Interesting and accretive acquisition for IG Design. c8% EPS accretive to Mar 19 EPS

Thursday, Sep 21 2017 by

IG Design announced the acquisition of Biscay Greetings Ltd Pty for AUD$9m or £5.5m.

from the Biscay website

"Biscay Greetings Pty Ltd commenced operations in 1971
We pride ourselves on being one of the leading card companies in Australia.
The vast majority of our products are manufactured locally.
Our customer service and commitment is of the highest quality.
Biscays comprehensive range of products are outstanding value, and best prices.
We have a trained sales team that offers friendly service and advice.
Our sales team and warehousing are located Australia wide."

so it looks like a good fit with IG Desgins own business which says on its website:

"We are Design Group – we design, manufacture, source and distribute a wide range of products for life’s important occasions, to transform special moments into memories.
We’re a diverse group of companies operating across multiple regions, categories, seasons and brands. We work with the best retailers in the world, offering a full end-to-end service from design through to distribution. Our products are found within three core categories: Celebrations, Stationery and Creative Play, and Gifting."

The Financials
IG Design is paying $9m or £5.5m of which £3m is stock and fixed assets. Operating profits before tax were AUD $2.9m (£1.7m). So this looks to me like a v good deal at 3.2x EBT. In fact is it too good to be true? I wonder if a layer of cost is being left out as the IG Design uses the less often used "operating profit before tax". IGD does point out it will have to provide £1.8m of working capital. Maybe thats the reason why it has bought Biscay at such a low multiple? I will do some digging on this. 

If i can get comfort on the financials then I think this is a great deal. It neatly fits into IGDs product set. IGD already has operations in Australia which means they can integrate it quickly. Also its about 8% earnings accretive on my back of the fag packet maths. So the ple multiple to Mar 19 falls from c16x to c 14x . Combine that with a record order book and I can see the shares reasserting their previous highs.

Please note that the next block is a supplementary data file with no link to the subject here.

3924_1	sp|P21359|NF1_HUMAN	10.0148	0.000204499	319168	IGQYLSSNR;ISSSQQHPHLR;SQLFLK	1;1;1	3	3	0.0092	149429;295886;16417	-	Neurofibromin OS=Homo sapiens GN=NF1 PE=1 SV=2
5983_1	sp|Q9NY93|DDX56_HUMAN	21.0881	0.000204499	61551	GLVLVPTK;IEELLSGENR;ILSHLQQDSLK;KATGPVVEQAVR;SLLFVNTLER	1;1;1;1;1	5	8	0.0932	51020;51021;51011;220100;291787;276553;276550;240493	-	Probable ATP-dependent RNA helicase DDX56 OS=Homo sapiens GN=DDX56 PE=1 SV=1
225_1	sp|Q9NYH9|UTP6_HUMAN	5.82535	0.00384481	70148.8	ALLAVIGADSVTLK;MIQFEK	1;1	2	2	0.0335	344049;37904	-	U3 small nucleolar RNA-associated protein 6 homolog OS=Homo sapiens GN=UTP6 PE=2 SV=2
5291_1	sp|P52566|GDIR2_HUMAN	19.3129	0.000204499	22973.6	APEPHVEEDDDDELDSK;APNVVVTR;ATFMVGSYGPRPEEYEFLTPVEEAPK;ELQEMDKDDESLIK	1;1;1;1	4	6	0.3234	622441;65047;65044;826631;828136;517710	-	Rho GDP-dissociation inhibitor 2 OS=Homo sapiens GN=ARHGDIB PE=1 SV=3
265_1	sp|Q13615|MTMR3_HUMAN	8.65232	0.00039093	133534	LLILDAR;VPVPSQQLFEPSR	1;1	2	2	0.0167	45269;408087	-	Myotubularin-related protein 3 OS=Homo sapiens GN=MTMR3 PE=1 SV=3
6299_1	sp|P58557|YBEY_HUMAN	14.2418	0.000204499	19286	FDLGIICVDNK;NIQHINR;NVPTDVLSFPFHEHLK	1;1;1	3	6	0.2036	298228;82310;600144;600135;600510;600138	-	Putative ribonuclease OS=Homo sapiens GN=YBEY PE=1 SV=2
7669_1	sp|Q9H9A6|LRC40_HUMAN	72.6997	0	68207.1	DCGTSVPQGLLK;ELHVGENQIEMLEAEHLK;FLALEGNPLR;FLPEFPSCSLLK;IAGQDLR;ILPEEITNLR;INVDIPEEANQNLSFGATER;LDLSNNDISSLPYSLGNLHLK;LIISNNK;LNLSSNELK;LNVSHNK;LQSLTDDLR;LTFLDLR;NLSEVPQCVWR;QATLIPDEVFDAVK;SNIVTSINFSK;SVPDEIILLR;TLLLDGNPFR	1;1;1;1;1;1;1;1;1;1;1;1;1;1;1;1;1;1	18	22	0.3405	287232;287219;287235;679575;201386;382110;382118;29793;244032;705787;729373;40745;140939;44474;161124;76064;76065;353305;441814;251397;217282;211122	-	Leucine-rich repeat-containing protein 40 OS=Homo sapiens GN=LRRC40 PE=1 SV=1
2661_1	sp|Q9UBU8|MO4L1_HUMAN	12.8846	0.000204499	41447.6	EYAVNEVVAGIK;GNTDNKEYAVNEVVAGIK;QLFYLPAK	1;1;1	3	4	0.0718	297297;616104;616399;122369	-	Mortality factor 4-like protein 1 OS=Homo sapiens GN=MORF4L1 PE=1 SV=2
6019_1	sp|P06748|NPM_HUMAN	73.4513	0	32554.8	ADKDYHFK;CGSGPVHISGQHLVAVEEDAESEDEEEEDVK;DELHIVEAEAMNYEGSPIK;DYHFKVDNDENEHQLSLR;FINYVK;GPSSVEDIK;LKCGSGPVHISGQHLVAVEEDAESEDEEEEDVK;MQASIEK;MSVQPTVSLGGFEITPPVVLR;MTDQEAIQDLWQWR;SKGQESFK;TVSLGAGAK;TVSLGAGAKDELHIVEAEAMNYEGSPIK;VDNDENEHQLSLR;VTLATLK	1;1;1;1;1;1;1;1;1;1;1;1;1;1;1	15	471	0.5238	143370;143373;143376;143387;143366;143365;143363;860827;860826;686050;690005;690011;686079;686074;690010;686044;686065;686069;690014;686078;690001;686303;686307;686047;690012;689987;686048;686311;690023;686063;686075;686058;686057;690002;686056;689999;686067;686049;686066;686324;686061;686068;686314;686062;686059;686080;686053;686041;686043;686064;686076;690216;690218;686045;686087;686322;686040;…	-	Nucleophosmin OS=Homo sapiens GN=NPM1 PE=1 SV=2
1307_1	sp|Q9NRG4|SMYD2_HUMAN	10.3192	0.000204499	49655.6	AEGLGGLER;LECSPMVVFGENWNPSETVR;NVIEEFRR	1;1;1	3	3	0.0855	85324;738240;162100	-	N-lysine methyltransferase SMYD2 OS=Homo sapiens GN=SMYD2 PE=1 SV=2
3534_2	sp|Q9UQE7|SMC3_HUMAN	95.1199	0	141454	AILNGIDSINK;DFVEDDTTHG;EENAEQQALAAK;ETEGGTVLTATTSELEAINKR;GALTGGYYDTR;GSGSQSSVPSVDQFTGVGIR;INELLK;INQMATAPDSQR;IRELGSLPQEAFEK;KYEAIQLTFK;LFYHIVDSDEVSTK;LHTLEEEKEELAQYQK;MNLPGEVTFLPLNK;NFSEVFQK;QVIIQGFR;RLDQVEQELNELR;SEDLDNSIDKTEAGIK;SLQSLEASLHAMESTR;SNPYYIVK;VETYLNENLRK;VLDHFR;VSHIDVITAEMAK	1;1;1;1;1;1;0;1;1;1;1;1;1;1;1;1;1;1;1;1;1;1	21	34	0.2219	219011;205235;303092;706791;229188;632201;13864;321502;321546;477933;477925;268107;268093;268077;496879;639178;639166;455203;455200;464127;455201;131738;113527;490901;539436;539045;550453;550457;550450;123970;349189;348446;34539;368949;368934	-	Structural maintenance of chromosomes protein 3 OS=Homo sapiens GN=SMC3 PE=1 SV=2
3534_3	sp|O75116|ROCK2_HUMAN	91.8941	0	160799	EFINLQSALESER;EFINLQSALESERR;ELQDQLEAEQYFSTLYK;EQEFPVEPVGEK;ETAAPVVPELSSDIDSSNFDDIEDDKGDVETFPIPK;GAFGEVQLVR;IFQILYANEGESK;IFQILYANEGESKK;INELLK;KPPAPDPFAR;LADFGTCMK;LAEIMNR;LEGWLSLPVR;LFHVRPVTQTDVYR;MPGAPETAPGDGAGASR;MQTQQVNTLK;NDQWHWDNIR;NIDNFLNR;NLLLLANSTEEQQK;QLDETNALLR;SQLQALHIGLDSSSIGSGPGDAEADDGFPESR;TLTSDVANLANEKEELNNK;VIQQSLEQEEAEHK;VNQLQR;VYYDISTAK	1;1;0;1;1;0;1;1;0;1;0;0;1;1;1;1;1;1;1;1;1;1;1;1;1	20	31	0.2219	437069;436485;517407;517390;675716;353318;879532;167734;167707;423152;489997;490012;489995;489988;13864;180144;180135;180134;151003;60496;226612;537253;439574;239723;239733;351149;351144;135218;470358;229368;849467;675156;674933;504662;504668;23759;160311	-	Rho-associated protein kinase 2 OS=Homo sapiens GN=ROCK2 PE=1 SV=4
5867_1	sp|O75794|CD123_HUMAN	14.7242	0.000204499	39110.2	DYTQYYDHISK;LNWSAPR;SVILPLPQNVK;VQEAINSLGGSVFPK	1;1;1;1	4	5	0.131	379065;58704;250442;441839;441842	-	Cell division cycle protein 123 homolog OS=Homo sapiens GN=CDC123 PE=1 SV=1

If anyone knows anything else re the Biscay financials, then I would be interested to hear. 



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IG Design Group plc, formerly International Greetings plc, is engaged in the design, manufacture and distribution of gift packaging and greetings; stationery and creative play products, and design-led giftware. The Company's geographic segments include UK and Asia; Europe; USA, and Australia. The Company sells its products in over 150,000 stores across approximately 80 countries. It also offers a portfolio of licensed and customer bespoke products suitable for sale through multi channel distribution. The Company's products include crackers, pens and pencils, stickers, single cards and gift wrap. The Company offers its products under the brands A Star, B Stationery, Papercraft and Pepperpot. Its subsidiaries include Artwrap Pty Ltd, International Greetings UK Ltd, International Greetings USA, Inc, International Greetings Asia Ltd, The Huizhou Gift International Greetings Company Limited, Hoomark BV, Anchor International BV and Hoomark S.p.z.o.o. more »

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19 Posts on this Thread show/hide all

runthejoules 22nd Sep '17 1 of 19

Thanks Veg. I bought tfd recently and this was a nice surprise. I'll follow this for any other well-informed comment.

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VegPatch 22nd Sep '17 2 of 19

i was hoping Paul would make one of his miraculous 4am comments on the acquisition. But alas no
Its Friday so i know Graham does most of the deep thinking today.

but one can hope



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VegPatch 22nd Sep '17 3 of 19

Spoke to a City contact of mine this afternoon. He pointed out that the Biscay acquisition is being done by their 50% JV in Australia. So my 8% accretion is closer to 4%. Apologies for my over optimism.

Also acquisitions in this space are usually at 5-6x EBITDA. Turned another way, what does that suggest about IG Designs own valuation ? I guess the acquisitions are typically of smaller, private businesses so command a lower multiple. But its worth bearing in mind if the multiple were to run away with itself!

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pone 6th Nov '17 4 of 19

So I know next to nothing about this company, but what stands out immediately is that revenue growth is stagnant, except for the big jump in 2017. Was that an acquisition? The whole story here seems to be about operating margin improvements, but how many more years can that continue?